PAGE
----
Quick Takes: Higher Ed Inflation Index Hits 3.6%, CUNY Faculty Approve Contract, Ex-Prof Convicted, Hawaii Changes Housing Rules, Iran Detains Prof Bound for Penn, 'Tanorexia' Among Students, $2.5M for Organic Food at Bates

September 4, 2008
  • The Higher Education Price Index reached 3.6 percent for the 2008 fiscal year, up slightly from 3.4 percent the previous year, the Commonfund Institute is announcing today. The index is based on costs facing colleges and is designed to give a more accurate assessment of the inflationary pressures on academe than does the Consumer Price Index (3.7 percent for the same time frame). The index's gain may appear small to campus money managers who have been watching certain costs, especially for utilities, skyrocket in recent months, but the timing of the calculations means that those increases aren't counted in the new data.
  • Faculty members at the City University of New York overwhelmingly approved a new contract, the professors' union announced Wednesday. The vote was 93 percent to 7 percent. Some adjunct faculty members pushed to reject the contract, which they said didn't do enough for them in terms of either wages or job security. But many faculty members -- including some who were critical of the pact -- said that the deterioration of New York State's budget picture would have made it dangerous to open negotiations again. Details about the contract may be found on the Web site of the Professional Staff Congress, which is affiliated with the American Federation of Teachers.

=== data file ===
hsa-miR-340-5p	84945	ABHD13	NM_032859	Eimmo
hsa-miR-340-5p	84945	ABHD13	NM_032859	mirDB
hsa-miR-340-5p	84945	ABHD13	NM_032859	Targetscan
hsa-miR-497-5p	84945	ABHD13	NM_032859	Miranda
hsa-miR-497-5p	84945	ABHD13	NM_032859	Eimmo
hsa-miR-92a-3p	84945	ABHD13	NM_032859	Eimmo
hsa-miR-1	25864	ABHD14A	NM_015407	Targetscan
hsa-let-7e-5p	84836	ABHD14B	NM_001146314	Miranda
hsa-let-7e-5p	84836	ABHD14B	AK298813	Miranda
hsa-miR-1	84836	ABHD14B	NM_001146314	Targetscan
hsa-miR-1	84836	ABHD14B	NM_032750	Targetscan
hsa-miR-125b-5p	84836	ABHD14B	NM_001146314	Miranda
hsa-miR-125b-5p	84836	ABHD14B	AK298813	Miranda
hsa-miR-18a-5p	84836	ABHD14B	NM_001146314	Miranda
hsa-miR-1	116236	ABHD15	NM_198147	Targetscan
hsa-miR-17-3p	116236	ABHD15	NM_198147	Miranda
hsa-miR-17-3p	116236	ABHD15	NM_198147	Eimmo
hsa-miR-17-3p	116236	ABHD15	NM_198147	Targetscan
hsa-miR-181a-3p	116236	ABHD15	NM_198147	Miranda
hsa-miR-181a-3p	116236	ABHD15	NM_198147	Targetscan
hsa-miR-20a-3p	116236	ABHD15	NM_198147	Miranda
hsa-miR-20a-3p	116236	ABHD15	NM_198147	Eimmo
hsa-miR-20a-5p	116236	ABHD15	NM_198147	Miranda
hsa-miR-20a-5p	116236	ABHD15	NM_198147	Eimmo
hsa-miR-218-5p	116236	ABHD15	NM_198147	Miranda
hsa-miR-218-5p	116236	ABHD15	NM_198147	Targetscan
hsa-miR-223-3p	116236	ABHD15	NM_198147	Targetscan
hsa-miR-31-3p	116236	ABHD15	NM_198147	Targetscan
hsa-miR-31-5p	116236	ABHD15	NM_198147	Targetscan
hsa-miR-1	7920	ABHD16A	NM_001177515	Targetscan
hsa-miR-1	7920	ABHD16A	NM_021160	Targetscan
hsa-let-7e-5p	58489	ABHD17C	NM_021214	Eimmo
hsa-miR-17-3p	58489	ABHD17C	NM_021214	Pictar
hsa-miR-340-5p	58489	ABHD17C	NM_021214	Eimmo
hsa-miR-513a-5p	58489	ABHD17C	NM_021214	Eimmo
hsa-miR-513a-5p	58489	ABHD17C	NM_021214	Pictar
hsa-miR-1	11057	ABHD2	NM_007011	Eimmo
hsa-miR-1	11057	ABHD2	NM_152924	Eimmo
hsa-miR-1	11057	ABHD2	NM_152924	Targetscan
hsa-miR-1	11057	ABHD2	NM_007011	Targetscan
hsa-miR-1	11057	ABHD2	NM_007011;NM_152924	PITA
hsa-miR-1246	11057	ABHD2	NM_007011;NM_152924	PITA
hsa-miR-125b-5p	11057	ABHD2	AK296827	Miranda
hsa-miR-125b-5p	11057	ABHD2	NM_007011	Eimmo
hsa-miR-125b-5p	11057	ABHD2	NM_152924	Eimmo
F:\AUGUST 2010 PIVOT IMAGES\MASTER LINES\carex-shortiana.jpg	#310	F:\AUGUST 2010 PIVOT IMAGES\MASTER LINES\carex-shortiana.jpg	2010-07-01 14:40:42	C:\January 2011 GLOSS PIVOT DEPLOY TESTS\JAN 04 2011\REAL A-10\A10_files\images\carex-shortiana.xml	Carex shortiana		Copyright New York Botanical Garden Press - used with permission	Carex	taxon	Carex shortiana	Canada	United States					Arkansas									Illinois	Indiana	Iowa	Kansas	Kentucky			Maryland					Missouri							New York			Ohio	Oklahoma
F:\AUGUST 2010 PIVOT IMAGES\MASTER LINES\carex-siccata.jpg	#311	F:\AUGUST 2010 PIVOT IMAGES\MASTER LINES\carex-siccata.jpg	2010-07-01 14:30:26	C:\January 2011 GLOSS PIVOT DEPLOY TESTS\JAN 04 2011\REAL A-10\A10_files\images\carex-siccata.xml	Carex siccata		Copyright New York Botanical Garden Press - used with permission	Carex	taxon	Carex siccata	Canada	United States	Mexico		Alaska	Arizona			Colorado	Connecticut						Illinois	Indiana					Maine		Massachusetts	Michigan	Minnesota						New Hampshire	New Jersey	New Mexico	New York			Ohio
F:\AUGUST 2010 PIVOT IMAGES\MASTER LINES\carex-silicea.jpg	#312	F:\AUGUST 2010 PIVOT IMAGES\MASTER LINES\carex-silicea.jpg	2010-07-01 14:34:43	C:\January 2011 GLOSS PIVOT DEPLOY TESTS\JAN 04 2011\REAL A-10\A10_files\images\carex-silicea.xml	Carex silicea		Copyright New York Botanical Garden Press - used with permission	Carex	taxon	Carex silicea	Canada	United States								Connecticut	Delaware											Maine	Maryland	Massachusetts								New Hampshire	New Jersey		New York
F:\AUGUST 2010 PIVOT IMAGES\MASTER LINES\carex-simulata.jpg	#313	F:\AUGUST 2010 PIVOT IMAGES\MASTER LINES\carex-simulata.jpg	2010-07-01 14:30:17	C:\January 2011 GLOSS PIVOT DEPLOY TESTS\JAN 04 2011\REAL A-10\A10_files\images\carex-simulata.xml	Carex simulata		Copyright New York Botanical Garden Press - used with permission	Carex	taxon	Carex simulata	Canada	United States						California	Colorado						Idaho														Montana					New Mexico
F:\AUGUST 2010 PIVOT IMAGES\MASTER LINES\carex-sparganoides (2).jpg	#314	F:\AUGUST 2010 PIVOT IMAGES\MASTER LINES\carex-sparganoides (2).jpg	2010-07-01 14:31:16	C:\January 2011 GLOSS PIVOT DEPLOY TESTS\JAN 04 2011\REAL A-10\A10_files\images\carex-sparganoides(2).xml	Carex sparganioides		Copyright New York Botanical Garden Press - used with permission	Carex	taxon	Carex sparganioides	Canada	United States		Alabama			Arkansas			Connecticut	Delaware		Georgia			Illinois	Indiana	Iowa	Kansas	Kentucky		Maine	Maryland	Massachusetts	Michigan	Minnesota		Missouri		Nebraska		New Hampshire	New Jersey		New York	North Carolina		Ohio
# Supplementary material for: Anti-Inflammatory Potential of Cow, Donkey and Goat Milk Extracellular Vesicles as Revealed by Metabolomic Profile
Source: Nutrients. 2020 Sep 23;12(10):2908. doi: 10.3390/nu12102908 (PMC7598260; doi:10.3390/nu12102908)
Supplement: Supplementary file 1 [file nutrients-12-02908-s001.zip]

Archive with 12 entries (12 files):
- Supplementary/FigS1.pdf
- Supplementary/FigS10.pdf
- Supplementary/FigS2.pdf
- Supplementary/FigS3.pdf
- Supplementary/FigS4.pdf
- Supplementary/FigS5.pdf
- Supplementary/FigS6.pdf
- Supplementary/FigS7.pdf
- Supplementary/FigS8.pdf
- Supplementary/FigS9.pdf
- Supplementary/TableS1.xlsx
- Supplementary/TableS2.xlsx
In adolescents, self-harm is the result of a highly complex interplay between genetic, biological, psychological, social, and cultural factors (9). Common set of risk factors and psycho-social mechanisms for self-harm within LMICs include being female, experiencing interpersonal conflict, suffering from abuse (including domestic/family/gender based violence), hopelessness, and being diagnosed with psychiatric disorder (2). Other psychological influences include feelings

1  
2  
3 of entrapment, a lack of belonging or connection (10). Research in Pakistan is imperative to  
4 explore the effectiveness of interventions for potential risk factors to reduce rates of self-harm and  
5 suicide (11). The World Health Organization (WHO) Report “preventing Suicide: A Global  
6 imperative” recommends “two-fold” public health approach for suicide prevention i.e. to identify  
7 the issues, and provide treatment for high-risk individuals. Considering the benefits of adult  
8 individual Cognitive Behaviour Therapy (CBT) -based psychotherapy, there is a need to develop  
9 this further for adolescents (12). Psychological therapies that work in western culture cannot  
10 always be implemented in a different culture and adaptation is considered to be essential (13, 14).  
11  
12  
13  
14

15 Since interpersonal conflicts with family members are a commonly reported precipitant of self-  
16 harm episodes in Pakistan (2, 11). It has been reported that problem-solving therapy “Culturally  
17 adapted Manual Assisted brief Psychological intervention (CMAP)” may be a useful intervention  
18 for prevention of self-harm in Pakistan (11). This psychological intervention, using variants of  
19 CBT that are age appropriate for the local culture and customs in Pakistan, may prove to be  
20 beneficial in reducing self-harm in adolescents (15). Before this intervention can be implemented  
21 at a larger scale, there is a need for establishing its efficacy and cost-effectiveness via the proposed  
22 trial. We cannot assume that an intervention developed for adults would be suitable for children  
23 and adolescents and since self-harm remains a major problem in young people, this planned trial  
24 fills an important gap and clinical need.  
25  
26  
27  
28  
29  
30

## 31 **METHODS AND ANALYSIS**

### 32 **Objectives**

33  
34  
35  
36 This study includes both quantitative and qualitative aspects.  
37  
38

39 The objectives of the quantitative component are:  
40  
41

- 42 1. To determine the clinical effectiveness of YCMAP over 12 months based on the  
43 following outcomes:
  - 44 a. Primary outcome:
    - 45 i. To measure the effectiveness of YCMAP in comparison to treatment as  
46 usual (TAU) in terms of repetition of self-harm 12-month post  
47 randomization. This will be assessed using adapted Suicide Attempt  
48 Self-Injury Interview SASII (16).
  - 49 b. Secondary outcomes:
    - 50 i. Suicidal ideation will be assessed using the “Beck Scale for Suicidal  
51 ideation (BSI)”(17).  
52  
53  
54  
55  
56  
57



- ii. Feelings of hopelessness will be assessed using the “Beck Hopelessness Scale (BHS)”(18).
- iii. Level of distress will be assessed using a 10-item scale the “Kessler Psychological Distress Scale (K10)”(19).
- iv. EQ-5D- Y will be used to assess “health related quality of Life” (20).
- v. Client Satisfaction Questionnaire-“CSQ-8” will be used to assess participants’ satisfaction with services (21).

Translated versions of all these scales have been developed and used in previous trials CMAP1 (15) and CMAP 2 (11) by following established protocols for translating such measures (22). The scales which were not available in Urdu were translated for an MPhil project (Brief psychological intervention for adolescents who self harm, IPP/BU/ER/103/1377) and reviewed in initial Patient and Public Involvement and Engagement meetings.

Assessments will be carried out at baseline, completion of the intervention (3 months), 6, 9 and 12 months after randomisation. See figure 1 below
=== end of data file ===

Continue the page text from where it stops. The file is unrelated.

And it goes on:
• A federal jury on Wednesday convicted J. Reece Roth, a professor emeritus at the University of Tennessee at Knoxville, of illegally passing sensitive information from a contract with his spinoff company to research assistants from Chinas and Iran, the Associated Press reported. Roth testified that he believed that the findings at issue were not covered by federal laws because they involved unproven technologies. He faces a sentence of more than 160 years in prison.
  • The University of Hawaii at Manoa has agreed to change its campus housing policy so that same-sex couples can have access to rooms that had been reserved for married couples, the AP reported. The shift settles a lawsuit by a gay couple challenging the rules.
  • Mehdi Zakerian, an Iranian legal scholar, has been detained by authorities in Iran, blocking for now his attempt to travel to the United States to become a visiting professor at the University of Pennsylvania. Penn's law school, where Zakerian is scheduled to teach, is calling for his release, as are the International League for Human Rights and Human Rights Watch.
  • More than 25 percent of university students surveyed exhibit symptoms of "tanning dependence," including symptoms similar to alcohol and drug addictions, according to an article in the new issue of the American Journal of Health Behavior. Those with "tanorexia" are more likely than other students to be thin and to smoke cigarettes, the study found. Forty percent of those studied had used tanning booths.
  • Bates College has announced a $2.5 million gift with an unusual purpose. An endowment will be created so that all funds will be used to cover the extra costs of buying locally grown and organic food.
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